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Governors focus on federal healthcare

Unified on Medicaid changes; eyeing Medicare fight

DES MOINES -- Governors came together yesterday on sweeping Medicaid changes that could help President Bush's budget goals, even as more than a dozen of the chief executives are weighing a legal fight over a new Medicare policy that will cost states hundreds of millions of dollars.

The focus at the governors' summer meeting on the two huge, government-paid healthcare programs -- Medicare for the elderly, Medicaid for the poor -- underscored their widespread view that healthcare is their most urgent issue, for constituents and for states' financial future.

''This is coming down the pike at us real quick," Democrat Mark Warner of Virginia said about the complex new policy changes, which governors say will unfairly force them to pay part of President Bush's new prescription drug benefit. ''In January it's going to be on our doorstep."

Governors also stepped up their efforts yesterday to improve high school education, agreeing to standardize the tracking of graduation rates. National reports last week showed high school students hadn't made the same gains as younger students.

But worries about Medicare, and the consensus on Medicaid after six months of negotiations among governors, dominated private discussions, most governors said.

Their concerns about Medicare centered on a relatively small portion of Bush's huge new drug prescription policy that would affect elderly who are poor enough to qualify for Medicaid and old enough to qualify for Medicare.

Governors have long argued that the federal government should pay the costs of that group, which are significantly higher per person than for the rest of the Medicaid population.

The new Medicare law takes over paying for those drugs but requires states to pay the federal government for the overwhelming majority of the bill. Many governors said that the complex and cumbersome federal formula means they would pay more money than before and that state cost-savings were being ignored.

''We're all talking to our attorneys general and contemplating a suit," said Democrat Jennifer Granholm of Michigan. ''There are about 17 governors who are exploring all possible options."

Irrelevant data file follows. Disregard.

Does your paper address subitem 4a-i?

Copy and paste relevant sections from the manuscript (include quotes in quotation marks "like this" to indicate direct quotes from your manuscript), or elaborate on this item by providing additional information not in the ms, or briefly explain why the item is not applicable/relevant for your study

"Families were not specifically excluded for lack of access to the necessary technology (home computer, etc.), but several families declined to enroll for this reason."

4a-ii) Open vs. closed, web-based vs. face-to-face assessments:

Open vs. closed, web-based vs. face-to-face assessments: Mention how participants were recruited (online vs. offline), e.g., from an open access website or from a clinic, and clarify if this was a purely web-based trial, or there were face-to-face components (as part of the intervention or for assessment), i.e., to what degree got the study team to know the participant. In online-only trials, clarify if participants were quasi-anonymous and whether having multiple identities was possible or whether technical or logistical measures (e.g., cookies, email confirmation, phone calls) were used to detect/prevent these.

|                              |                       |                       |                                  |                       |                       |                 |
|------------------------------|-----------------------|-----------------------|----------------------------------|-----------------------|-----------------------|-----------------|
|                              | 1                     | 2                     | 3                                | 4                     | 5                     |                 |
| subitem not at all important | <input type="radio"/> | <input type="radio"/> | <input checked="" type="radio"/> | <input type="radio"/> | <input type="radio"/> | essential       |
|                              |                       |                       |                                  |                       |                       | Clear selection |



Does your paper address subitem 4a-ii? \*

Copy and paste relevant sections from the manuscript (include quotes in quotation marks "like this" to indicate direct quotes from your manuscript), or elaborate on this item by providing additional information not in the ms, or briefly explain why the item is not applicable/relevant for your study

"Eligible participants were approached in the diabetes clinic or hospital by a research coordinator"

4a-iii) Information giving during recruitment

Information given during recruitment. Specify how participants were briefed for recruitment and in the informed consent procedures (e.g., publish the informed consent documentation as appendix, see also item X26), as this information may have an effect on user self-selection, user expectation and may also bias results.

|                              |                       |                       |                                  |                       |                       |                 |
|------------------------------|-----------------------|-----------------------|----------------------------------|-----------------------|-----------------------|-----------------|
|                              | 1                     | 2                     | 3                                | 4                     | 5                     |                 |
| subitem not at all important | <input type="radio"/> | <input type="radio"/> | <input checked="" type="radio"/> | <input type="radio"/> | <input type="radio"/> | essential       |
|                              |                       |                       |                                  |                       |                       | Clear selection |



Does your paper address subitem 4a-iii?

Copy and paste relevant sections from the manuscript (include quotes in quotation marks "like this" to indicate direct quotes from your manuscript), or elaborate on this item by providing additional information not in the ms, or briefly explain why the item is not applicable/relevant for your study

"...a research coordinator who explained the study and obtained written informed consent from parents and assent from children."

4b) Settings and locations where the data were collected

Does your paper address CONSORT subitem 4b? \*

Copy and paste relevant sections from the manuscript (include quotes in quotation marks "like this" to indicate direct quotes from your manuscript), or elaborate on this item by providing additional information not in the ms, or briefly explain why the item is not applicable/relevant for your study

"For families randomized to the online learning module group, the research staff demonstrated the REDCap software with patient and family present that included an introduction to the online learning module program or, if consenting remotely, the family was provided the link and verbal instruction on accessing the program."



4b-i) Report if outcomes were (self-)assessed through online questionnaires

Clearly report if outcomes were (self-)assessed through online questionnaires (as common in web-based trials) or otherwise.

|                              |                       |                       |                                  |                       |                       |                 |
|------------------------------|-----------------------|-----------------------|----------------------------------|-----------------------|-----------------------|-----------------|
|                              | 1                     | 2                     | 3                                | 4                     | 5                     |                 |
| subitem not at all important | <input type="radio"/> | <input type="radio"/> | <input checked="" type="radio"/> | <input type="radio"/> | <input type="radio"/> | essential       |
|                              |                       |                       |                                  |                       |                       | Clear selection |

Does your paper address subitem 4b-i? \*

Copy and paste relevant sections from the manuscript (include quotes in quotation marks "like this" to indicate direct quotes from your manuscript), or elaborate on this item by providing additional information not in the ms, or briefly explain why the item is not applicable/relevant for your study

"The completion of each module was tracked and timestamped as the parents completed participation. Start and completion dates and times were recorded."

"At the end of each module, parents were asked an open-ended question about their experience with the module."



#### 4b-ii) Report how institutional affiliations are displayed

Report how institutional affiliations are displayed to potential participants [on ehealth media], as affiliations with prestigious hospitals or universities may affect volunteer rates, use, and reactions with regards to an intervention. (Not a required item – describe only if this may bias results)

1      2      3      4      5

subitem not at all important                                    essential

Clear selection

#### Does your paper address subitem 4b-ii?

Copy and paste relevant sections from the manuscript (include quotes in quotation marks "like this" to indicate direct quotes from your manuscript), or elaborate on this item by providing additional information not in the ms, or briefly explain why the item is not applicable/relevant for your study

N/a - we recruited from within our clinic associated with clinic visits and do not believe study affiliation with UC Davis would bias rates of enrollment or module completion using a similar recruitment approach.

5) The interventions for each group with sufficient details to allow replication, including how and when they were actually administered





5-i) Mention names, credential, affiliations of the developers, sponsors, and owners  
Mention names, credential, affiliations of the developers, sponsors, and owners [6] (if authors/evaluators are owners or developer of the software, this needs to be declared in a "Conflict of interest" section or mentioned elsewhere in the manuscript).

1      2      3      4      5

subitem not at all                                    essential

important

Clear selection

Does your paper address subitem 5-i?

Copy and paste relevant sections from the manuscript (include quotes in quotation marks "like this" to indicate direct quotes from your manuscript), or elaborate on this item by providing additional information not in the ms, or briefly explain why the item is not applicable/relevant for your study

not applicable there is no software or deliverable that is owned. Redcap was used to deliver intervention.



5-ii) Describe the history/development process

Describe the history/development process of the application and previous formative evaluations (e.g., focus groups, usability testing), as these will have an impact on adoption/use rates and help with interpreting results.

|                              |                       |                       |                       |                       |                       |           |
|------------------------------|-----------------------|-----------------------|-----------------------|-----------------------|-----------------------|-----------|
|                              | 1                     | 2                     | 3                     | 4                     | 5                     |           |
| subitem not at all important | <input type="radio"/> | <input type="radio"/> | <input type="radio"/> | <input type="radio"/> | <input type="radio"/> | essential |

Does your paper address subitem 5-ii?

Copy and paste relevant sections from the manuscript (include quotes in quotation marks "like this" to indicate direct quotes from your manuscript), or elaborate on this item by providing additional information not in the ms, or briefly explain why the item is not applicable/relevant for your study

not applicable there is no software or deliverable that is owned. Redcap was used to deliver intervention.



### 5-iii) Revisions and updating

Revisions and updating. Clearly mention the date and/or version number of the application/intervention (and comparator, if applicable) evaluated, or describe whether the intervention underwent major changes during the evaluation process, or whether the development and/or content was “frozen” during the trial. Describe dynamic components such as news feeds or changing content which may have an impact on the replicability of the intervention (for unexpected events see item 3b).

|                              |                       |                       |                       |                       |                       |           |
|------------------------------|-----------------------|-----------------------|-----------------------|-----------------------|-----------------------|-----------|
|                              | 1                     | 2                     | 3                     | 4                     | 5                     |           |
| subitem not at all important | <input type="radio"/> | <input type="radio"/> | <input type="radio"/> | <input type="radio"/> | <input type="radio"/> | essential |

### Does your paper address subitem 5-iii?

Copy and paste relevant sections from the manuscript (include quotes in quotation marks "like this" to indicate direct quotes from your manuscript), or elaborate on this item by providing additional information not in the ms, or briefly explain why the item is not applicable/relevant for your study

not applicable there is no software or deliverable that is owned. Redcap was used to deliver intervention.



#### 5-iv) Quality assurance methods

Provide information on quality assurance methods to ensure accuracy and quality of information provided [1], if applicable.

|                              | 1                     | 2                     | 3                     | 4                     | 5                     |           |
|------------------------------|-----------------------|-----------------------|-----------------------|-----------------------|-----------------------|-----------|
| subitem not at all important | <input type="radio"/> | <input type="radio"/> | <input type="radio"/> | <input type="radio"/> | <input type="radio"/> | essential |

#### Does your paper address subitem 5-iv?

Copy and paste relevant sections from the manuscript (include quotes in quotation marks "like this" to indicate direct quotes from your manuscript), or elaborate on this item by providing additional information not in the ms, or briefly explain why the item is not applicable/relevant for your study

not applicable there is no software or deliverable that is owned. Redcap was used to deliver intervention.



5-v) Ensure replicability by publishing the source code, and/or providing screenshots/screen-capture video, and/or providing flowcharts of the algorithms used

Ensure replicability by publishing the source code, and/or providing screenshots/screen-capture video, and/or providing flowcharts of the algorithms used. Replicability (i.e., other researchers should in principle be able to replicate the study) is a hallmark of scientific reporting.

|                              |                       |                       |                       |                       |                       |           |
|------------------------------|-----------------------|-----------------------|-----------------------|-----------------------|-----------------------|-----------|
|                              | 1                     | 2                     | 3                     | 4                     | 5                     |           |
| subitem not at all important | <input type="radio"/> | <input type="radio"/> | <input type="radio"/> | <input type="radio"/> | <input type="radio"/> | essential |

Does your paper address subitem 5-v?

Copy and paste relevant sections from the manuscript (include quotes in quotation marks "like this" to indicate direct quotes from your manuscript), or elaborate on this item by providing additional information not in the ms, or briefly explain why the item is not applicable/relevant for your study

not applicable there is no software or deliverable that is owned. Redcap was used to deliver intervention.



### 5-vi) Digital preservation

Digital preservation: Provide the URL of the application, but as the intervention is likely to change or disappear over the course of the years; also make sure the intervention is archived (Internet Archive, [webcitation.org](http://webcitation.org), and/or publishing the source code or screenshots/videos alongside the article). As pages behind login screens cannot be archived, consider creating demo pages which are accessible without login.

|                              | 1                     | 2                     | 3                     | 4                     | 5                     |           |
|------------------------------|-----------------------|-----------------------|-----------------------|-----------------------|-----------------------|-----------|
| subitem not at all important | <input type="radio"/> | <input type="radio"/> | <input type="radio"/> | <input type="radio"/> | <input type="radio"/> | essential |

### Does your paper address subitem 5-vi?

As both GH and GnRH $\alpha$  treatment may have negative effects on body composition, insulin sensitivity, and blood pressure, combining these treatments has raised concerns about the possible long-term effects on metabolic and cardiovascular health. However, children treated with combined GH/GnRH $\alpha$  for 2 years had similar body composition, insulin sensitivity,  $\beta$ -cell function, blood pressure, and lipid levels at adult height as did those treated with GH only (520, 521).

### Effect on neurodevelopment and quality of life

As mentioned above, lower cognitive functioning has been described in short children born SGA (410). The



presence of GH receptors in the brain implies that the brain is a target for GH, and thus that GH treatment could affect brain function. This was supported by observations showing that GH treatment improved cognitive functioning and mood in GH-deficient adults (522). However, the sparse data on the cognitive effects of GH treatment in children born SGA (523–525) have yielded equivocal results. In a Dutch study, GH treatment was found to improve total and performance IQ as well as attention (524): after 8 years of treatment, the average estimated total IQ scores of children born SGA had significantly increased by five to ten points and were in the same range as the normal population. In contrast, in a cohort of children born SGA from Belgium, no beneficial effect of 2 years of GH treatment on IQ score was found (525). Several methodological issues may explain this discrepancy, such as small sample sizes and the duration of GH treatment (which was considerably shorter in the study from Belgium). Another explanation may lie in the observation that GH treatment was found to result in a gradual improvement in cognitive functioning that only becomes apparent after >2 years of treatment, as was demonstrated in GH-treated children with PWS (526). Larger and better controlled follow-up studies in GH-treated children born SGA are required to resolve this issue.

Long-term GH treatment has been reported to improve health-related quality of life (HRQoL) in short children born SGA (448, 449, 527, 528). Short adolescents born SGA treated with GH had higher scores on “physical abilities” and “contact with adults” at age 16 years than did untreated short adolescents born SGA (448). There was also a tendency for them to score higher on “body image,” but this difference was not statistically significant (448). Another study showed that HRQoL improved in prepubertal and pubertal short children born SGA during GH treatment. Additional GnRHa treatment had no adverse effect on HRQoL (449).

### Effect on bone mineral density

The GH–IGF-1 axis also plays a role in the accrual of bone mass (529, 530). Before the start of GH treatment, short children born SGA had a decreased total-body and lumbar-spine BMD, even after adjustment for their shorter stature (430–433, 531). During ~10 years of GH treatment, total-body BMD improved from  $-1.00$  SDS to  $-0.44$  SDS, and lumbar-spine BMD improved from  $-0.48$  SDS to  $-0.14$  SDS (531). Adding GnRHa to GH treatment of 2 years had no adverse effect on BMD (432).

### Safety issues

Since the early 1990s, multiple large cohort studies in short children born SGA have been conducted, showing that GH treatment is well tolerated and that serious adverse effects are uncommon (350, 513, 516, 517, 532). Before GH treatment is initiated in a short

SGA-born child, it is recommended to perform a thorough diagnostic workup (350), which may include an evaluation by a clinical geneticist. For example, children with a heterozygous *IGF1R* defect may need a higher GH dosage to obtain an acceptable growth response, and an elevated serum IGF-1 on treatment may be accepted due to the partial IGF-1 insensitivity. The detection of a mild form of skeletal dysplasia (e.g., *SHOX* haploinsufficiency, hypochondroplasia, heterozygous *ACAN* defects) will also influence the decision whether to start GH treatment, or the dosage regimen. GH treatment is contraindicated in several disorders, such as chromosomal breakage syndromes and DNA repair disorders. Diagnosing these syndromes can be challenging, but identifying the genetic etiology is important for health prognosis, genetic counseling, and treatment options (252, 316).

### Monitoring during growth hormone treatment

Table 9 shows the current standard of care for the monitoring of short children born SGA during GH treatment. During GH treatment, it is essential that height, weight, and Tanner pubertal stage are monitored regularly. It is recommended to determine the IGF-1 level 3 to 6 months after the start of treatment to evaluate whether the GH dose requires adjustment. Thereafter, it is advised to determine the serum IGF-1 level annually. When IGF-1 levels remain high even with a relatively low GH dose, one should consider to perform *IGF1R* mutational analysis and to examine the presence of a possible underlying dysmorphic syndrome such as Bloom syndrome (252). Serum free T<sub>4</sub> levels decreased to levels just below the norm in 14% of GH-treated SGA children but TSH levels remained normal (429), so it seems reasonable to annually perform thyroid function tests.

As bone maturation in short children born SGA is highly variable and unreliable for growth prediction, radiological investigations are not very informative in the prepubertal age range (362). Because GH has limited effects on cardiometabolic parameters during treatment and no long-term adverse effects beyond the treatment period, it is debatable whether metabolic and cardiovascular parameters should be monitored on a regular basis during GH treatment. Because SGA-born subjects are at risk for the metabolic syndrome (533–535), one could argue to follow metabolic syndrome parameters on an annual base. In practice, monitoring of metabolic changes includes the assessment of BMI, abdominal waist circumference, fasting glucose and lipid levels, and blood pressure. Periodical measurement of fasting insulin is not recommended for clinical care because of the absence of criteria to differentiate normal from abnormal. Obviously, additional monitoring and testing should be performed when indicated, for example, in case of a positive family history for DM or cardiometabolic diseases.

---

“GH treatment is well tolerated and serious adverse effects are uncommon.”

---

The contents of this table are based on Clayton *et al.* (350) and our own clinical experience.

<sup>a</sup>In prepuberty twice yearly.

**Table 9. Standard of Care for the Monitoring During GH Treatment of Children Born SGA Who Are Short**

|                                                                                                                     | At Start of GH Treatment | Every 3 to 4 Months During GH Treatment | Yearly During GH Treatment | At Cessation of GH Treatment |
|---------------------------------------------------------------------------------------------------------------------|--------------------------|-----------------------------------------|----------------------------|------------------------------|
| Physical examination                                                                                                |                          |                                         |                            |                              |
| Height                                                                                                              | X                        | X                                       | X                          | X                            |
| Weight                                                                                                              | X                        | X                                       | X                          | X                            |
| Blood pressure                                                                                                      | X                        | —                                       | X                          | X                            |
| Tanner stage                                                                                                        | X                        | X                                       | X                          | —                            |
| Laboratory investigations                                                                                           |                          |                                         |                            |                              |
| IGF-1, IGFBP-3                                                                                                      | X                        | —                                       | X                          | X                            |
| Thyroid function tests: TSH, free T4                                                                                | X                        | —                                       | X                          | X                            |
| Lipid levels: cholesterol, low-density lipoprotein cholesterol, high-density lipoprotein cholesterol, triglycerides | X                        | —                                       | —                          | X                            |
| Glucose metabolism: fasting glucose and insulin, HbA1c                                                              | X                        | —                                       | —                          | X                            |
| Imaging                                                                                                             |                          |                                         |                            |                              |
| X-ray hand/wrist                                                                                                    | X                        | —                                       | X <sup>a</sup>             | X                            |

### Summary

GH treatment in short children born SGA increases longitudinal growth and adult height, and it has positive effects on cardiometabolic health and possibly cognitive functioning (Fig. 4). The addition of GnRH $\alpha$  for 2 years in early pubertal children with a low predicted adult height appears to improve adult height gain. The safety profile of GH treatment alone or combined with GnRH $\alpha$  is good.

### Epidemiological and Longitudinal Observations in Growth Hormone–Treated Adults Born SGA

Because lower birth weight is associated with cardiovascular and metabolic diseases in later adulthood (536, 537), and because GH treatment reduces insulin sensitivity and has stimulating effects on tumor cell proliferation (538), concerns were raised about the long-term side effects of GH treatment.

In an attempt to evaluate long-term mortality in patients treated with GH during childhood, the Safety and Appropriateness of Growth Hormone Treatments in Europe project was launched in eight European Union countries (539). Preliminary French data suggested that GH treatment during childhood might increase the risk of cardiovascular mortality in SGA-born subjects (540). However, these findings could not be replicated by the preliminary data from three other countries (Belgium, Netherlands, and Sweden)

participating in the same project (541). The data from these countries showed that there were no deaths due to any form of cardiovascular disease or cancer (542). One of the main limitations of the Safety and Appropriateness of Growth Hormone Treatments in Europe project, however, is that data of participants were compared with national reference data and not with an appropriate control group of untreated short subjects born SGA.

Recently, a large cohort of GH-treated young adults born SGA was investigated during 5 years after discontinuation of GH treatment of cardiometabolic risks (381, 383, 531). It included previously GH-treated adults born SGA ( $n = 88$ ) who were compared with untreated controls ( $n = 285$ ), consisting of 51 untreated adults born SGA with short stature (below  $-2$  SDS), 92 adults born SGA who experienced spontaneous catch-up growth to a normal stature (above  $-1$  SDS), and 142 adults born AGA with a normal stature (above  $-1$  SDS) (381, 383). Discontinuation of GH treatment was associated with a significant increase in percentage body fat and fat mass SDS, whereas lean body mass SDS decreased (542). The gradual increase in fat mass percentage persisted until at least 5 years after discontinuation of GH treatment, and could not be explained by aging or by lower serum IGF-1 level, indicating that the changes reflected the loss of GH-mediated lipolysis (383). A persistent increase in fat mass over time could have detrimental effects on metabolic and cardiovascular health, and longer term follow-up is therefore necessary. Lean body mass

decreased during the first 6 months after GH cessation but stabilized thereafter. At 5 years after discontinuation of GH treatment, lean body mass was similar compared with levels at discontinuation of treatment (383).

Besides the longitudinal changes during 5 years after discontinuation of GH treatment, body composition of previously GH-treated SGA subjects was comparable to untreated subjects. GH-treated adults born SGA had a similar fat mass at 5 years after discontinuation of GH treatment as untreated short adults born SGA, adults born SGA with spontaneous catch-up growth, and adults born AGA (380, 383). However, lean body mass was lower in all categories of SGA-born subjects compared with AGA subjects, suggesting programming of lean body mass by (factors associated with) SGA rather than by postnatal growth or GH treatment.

She and others said they still hope to negotiate a solution, but several states already have taken more concrete action.

Texas Republican Rick Perry vetoed the entire $444 million that was to go to the federal government for the drug benefits for the next two years and wrote a letter to fellow governors arguing they should work together to change the federal policy.

In New Hampshire, Democrat John Lynch and state lawmakers took $43 million the state would owe over two years and put it aside until the dispute is settled. ''I'm going to talk with other governors to see if there's some concerted effort we can take," Lynch said.

Governors met privately yesterday with Senator Charles Grassley, the Iowa Republican who chairs the Senate Finance Committee that is considering President Bush's budget goal of reducing the growth of Medicaid by $10 billion over the next five years.

Governors said they all support a proposal to alter Medicaid in hopes of slowing its growing cost and to give states the chance to experiment with more effective ways to deliver healthcare.

An Iowa experiment, for example, aims to encourage preventive care by using copays to encourage people to make healthier choices. Patients would skip a copay if they quit smoking or lose weight. Those who don't follow through would be required to pay.

If accepted in Washington, the governors' plan would allow states to demand copayments from the poor, the disabled, and women with children, and add tools to curb seniors from giving relatives their assets so they could get Medicaid-funded long-term care.

Grassley said the governors' work was crucial. ''It's really key to getting something done. We will not get a bipartisan agreement in Congress without a bipartisan agreement from the governors."

Worries from healthcare advocates have some governors, particularly Democrats, warning that opening the door to copays must be accompanied by limits that don't drive the poorest recipients off government-provided health insurance.

''It's ill-advised to increase cost-sharing because what it will do is merely have people covered on paper," said Ron Pollack in Washington with Families USA, a healthcare advocacy group. ''But in reality, they won't truly have health coverage because they can't afford it."

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